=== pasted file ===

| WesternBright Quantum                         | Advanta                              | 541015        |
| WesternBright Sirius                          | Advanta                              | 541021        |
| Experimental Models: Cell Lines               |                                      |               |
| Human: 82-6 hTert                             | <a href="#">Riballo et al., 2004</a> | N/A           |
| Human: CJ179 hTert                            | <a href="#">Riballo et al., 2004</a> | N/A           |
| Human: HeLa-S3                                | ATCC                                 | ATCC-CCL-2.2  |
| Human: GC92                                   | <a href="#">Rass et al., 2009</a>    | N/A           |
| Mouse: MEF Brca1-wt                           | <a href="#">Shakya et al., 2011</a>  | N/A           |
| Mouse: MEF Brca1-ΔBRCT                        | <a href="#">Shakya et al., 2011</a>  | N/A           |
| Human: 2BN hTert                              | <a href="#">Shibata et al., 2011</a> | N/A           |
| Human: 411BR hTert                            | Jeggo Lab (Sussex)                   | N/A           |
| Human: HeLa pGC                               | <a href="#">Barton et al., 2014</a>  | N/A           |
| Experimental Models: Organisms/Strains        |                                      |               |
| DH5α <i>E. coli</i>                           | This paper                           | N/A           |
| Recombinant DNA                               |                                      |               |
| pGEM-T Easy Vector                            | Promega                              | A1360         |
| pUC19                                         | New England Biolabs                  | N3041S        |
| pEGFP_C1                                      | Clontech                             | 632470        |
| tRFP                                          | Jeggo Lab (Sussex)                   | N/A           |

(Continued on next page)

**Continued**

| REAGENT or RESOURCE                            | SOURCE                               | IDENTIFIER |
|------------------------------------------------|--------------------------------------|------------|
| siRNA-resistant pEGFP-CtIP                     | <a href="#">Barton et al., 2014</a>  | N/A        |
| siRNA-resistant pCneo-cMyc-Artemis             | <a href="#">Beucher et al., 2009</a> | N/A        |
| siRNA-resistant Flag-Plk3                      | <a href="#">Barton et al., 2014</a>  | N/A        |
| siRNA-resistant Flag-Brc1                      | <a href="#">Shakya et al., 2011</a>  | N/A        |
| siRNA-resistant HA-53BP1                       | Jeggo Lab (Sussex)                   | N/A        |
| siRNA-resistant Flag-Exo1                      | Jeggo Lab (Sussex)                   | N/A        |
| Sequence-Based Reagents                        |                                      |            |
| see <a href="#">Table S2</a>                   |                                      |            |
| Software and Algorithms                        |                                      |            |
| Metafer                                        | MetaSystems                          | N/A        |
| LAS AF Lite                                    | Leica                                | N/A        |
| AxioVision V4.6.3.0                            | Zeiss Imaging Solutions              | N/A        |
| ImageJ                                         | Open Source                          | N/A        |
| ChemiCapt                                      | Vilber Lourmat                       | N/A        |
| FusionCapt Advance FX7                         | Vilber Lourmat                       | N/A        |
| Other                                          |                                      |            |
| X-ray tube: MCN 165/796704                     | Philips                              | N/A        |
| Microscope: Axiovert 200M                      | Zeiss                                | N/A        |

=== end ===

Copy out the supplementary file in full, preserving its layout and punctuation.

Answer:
| WesternBright Quantum                         | Advanta                              | 541015        |
| WesternBright Sirius                          | Advanta                              | 541021        |
| Experimental Models: Cell Lines               |                                      |               |
| Human: 82-6 hTert                             | <a href="#">Riballo et al., 2004</a> | N/A           |
| Human: CJ179 hTert                            | <a href="#">Riballo et al., 2004</a> | N/A           |
| Human: HeLa-S3                                | ATCC                                 | ATCC-CCL-2.2  |
| Human: GC92                                   | <a href="#">Rass et al., 2009</a>    | N/A           |
| Mouse: MEF Brca1-wt                           | <a href="#">Shakya et al., 2011</a>  | N/A           |
| Mouse: MEF Brca1-ΔBRCT                        | <a href="#">Shakya et al., 2011</a>  | N/A           |
| Human: 2BN hTert                              | <a href="#">Shibata et al., 2011</a> | N/A           |
| Human: 411BR hTert                            | Jeggo Lab (Sussex)                   | N/A           |
| Human: HeLa pGC                               | <a href="#">Barton et al., 2014</a>  | N/A           |
| Experimental Models: Organisms/Strains        |                                      |               |
| DH5α <i>E. coli</i>                           | This paper                           | N/A           |
| Recombinant DNA                               |                                      |               |
| pGEM-T Easy Vector                            | Promega                              | A1360         |
| pUC19                                         | New England Biolabs                  | N3041S        |
| pEGFP_C1                                      | Clontech                             | 632470        |
| tRFP                                          | Jeggo Lab (Sussex)                   | N/A           |

(Continued on next page)

**Continued**

| REAGENT or RESOURCE                            | SOURCE                               | IDENTIFIER |
|------------------------------------------------|--------------------------------------|------------|
| siRNA-resistant pEGFP-CtIP                     | <a href="#">Barton et al., 2014</a>  | N/A        |
| siRNA-resistant pCneo-cMyc-Artemis             | <a href="#">Beucher et al., 2009</a> | N/A        |
| siRNA-resistant Flag-Plk3                      | <a href="#">Barton et al., 2014</a>  | N/A        |
| siRNA-resistant Flag-Brc1                      | <a href="#">Shakya et al., 2011</a>  | N/A        |
| siRNA-resistant HA-53BP1                       | Jeggo Lab (Sussex)                   | N/A        |
| siRNA-resistant Flag-Exo1                      | Jeggo Lab (Sussex)                   | N/A        |
| Sequence-Based Reagents                        |                                      |            |
| see <a href="#">Table S2</a>                   |                                      |            |
| Software and Algorithms                        |                                      |            |
| Metafer                                        | MetaSystems                          | N/A        |
| LAS AF Lite                                    | Leica                                | N/A        |
| AxioVision V4.6.3.0                            | Zeiss Imaging Solutions              | N/A        |
| ImageJ                                         | Open Source                          | N/A        |
| ChemiCapt                                      | Vilber Lourmat                       | N/A        |
| FusionCapt Advance FX7                         | Vilber Lourmat                       | N/A        |
| Other                                          |                                      |            |
| X-ray tube: MCN 165/796704                     | Philips                              | N/A        |
| Microscope: Axiovert 200M                      | Zeiss                                | N/A        |